Dev Mishra, M.D.
Founder and President, Sideline Sports Doc
Medical Director, Apeiron Life
Fellow, American Academy of Orthopaedic Surgeons
Institute For Joint Restoration, Menlo Park, CA
February 9, 2021
- Lung cancer is increasingly found in people who have never smoked
- Part of the reason is statistical, there are fewer smokers than non-smokers, but the absolute number of cases in never-smokers is also increasing
- At present, it appears that female never-smokers are at higher risk for developing lung cancer than males but much more research is needed to identify risk factors
This week I’m going to venture off track from my usual posts and write briefly about the fact that lung cancer is increasingly being
Handsome husband and young wife touching each other’s heads
diagnosed in an unlikely group of people- those who have never smoked and have no obvious risk factors.
Smoking remains the single biggest risk for lung cancer, with about 88% of new lung cancer diagnoses each year conclusively linked to a person’s smoking history. There’s nothing good that will come to you from smoking. Still, that leaves 12% of these new cancer diagnoses in those who have never smoked.
Identifying very early screening tools for lung cancer is an emerging field. In the near future we will have “liquid biopsies”, meaning blood tests to pick up very early stages of various cancers. Until then, there’s much we still need to learn.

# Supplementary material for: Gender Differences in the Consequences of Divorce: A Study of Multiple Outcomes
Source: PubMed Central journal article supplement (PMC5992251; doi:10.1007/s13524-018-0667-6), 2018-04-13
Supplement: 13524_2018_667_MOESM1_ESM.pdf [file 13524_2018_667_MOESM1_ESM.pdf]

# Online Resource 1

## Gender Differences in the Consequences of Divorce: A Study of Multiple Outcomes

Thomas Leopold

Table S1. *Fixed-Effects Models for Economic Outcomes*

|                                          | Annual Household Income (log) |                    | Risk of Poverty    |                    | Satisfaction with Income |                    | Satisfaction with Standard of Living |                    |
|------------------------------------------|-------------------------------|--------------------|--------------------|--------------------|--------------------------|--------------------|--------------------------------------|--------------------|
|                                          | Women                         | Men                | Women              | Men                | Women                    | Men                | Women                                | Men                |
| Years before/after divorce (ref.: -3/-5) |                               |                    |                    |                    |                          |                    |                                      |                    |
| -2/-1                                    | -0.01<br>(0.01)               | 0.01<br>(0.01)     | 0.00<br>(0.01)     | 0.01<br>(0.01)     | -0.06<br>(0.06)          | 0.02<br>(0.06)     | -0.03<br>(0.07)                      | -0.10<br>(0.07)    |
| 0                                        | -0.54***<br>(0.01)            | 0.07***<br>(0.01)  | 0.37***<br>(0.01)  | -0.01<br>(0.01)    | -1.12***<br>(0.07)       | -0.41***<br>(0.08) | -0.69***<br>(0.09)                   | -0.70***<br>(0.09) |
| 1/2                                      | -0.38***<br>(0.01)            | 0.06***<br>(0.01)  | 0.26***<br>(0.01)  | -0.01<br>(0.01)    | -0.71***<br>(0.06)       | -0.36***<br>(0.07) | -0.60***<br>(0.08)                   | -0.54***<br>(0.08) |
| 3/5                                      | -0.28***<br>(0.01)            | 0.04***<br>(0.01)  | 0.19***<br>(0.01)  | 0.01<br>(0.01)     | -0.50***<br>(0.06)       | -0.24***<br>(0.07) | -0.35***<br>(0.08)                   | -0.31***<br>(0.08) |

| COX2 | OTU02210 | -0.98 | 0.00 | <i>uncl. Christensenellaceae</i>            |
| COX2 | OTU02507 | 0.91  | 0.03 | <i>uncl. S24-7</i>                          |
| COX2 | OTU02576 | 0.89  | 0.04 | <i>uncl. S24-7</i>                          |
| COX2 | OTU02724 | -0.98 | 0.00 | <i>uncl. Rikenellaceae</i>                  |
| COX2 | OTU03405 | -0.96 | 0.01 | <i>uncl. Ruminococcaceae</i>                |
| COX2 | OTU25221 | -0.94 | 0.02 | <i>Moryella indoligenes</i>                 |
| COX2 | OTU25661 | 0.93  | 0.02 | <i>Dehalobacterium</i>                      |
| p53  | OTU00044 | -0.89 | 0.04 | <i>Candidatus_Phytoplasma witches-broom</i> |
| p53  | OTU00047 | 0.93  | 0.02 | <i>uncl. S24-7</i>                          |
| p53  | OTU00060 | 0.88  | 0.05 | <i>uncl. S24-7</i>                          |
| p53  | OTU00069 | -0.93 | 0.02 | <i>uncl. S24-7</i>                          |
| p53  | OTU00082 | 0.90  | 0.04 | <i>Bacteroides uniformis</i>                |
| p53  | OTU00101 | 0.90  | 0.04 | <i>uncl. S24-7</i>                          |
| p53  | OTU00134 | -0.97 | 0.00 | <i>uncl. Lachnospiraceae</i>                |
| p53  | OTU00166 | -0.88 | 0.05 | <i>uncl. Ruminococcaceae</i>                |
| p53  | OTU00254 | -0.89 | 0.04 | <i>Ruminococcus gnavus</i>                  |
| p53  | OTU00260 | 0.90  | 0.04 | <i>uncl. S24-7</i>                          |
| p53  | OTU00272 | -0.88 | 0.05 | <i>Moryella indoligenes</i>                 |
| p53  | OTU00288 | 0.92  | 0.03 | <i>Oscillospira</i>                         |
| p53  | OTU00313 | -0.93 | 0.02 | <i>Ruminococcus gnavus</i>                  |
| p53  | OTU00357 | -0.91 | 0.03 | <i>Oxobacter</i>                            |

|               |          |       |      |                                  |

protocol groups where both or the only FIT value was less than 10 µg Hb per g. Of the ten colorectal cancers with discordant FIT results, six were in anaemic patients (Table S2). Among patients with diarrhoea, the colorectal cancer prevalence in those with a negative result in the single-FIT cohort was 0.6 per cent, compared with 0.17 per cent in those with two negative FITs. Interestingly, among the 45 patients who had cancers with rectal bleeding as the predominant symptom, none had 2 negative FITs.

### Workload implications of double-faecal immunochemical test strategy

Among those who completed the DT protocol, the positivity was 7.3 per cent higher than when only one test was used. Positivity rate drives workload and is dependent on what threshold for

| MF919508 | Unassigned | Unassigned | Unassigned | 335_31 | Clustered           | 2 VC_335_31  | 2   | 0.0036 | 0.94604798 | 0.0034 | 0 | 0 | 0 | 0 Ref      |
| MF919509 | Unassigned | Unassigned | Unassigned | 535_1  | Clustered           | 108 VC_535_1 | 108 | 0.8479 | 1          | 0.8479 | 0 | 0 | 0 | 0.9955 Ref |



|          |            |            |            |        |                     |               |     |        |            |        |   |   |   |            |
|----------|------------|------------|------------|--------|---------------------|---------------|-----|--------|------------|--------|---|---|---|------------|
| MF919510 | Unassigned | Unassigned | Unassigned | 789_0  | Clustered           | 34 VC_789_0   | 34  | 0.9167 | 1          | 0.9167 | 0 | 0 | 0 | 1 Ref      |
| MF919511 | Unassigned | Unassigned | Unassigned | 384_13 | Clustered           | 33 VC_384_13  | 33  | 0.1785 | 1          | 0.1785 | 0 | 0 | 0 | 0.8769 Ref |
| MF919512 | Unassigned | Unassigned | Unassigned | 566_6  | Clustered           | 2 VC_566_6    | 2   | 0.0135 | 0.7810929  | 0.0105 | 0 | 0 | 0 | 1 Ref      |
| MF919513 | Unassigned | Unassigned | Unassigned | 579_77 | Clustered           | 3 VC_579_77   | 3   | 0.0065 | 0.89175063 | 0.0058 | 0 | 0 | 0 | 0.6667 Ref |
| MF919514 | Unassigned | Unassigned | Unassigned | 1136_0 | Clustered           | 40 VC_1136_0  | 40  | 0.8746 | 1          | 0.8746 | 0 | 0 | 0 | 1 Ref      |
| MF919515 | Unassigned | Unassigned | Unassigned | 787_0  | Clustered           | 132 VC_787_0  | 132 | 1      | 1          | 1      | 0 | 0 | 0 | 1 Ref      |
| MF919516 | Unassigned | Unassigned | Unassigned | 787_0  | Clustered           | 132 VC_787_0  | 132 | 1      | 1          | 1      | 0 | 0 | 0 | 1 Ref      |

When one of my high school best friends’ wife was diagnosed with non-small cell lung cancer several years ago I was truly shocked. They lived incredibly clean, with attention to nutrition and regular fitness. She was the last person I’d expect to get lung cancer.
There are statistical reasons why we might see more lung cancer cases in non-smokers, namely, the number of smokers in the population is going down each year. Smoking prevalence was 15% in 2015 compared to 42% in 1965. With fewer smokers, out of every 100 lung cancer patients more of them will be never-smokers.
But that doesn’t tell the whole story, as it appears that the absolute number of lung cancer cases in never-smokers is on the rise. Regardless if this is the case or not, a massive point remains: The estimated number of lung cancer deaths for 2021 is 131,880. Smoking is linked to about 80-90% of these deaths. That means that more than 26,000 deaths from lung cancer are not attributable to smoking.
If we put lung cancer deaths in never-smokers in its own category, it would be the seventh leading cause of death among cancer types.
This article points out that screening for lung cancer using currently available methods (such as low-dose CAT scan) would be more effective if we could identify ahead of time those individuals amongst nonsmokers are at higher risk.
At present there are only a few common threads. One of the emerging common threads: gender. Worldwide, 15% of male lung cancer patients are never-smokers, but 50% of female lung cancer patients never smoked. Beyond that, not much is known so far about the risk factors.
Despite the amazing efforts of the specialists at the Huntsman Cancer Institute at the University of Utah, my friend’s wife ultimately passed away from the disease.
What makes the article referenced above even more poignant is that it was published posthumously, written by the extraordinary science journalist Sharon Begley. She died of complications of lung cancer just five days after completing the article. She never smoked.